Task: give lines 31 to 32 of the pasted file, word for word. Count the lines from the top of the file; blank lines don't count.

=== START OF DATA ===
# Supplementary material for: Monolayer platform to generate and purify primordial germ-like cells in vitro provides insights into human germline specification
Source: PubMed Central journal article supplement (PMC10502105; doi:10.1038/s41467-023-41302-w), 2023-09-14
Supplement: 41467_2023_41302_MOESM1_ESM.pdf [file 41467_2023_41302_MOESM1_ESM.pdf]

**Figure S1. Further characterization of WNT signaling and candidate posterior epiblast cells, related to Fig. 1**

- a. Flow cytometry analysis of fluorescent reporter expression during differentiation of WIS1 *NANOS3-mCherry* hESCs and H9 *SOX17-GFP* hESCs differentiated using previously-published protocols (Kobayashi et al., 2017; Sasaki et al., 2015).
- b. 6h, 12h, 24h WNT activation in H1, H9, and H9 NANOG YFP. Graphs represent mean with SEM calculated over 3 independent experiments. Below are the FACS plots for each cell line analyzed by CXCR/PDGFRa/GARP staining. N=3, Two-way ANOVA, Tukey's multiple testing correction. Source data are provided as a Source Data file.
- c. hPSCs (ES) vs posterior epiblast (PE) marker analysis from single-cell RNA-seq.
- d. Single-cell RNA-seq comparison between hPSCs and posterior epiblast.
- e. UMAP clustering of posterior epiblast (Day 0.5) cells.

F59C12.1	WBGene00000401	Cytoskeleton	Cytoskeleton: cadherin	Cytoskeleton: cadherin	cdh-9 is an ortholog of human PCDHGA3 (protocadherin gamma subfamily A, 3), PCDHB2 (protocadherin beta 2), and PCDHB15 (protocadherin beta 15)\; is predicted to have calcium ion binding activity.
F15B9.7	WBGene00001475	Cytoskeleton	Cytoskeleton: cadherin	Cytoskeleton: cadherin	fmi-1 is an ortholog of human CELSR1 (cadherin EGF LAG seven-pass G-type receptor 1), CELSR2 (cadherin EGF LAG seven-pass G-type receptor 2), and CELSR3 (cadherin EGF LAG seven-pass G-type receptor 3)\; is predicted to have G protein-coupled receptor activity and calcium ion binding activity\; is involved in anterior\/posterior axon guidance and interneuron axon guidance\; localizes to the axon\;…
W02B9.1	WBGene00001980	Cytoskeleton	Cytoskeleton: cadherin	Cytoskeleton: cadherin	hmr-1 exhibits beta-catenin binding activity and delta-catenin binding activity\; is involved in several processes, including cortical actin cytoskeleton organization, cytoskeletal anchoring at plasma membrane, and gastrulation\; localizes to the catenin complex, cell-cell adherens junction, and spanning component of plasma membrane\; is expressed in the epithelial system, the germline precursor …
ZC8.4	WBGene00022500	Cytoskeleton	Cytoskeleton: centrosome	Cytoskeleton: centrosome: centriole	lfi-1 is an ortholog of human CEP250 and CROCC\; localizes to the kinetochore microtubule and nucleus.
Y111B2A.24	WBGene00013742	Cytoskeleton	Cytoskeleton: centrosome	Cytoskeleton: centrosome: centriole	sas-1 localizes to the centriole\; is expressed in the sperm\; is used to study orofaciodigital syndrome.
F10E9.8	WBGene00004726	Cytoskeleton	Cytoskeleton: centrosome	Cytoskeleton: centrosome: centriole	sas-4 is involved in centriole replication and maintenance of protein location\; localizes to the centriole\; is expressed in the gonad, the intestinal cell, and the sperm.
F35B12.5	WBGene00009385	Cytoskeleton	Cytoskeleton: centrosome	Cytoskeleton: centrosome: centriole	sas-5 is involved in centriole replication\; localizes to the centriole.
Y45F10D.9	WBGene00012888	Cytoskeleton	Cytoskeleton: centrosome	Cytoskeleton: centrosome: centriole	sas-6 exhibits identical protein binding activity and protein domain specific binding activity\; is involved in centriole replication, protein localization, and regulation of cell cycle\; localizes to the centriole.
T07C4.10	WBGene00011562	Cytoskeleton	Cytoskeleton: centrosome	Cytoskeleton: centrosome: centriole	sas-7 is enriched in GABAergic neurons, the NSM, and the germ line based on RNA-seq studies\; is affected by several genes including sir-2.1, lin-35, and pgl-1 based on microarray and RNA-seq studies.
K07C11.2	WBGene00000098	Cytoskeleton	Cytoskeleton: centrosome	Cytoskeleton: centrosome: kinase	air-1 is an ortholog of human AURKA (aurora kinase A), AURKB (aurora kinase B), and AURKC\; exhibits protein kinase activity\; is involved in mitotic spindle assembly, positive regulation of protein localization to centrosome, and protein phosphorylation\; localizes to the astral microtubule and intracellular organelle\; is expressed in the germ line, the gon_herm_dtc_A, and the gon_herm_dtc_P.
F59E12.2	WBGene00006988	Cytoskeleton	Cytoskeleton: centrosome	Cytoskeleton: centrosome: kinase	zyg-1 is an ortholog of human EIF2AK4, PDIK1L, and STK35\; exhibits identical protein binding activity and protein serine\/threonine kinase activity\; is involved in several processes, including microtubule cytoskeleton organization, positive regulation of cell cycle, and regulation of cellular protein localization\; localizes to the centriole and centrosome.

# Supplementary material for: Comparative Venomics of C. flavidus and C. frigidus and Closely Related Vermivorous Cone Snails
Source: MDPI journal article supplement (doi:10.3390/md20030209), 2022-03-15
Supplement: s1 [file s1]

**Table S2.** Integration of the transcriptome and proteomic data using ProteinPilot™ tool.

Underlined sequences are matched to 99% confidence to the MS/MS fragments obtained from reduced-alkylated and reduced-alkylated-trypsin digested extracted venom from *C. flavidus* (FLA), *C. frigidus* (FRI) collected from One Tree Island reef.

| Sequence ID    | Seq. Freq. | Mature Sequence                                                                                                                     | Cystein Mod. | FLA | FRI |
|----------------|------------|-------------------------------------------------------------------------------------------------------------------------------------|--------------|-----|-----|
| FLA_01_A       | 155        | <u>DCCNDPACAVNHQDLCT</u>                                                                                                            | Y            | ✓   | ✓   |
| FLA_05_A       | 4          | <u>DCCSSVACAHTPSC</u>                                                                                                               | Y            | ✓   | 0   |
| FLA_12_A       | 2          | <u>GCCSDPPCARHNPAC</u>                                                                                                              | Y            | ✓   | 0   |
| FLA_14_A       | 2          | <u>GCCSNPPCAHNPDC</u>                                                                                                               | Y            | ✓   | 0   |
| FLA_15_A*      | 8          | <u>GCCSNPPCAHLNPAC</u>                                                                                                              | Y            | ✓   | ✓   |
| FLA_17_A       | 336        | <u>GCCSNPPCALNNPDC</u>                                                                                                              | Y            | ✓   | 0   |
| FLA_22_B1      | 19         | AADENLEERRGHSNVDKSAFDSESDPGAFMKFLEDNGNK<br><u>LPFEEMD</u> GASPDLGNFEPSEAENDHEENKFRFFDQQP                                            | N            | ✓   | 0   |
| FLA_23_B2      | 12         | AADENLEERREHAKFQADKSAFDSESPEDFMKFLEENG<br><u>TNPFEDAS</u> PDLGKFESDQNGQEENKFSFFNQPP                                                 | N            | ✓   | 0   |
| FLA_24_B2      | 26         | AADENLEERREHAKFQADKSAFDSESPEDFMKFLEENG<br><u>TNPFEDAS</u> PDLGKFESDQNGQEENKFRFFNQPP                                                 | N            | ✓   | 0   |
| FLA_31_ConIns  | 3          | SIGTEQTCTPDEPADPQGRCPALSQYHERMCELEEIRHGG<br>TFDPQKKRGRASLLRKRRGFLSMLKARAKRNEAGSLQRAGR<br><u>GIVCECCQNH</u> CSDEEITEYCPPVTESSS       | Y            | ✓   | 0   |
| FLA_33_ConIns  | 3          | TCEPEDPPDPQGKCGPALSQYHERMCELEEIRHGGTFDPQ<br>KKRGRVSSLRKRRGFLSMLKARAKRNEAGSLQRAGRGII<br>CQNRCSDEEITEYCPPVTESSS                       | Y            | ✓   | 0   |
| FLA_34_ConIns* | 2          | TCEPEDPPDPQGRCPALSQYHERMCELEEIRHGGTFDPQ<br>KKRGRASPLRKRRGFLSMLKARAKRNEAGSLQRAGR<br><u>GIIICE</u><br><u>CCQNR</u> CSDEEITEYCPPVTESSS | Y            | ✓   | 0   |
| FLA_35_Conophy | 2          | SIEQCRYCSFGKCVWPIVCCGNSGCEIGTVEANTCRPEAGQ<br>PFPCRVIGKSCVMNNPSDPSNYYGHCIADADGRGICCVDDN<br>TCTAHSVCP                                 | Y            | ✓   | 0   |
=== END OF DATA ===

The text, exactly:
| FLA_14_A       | 2          | <u>GCCSNPPCAHNPDC</u>                                                                                                               | Y            | ✓   | 0   |
| FLA_15_A*      | 8          | <u>GCCSNPPCAHLNPAC</u>                                                                                                              | Y            | ✓   | ✓   |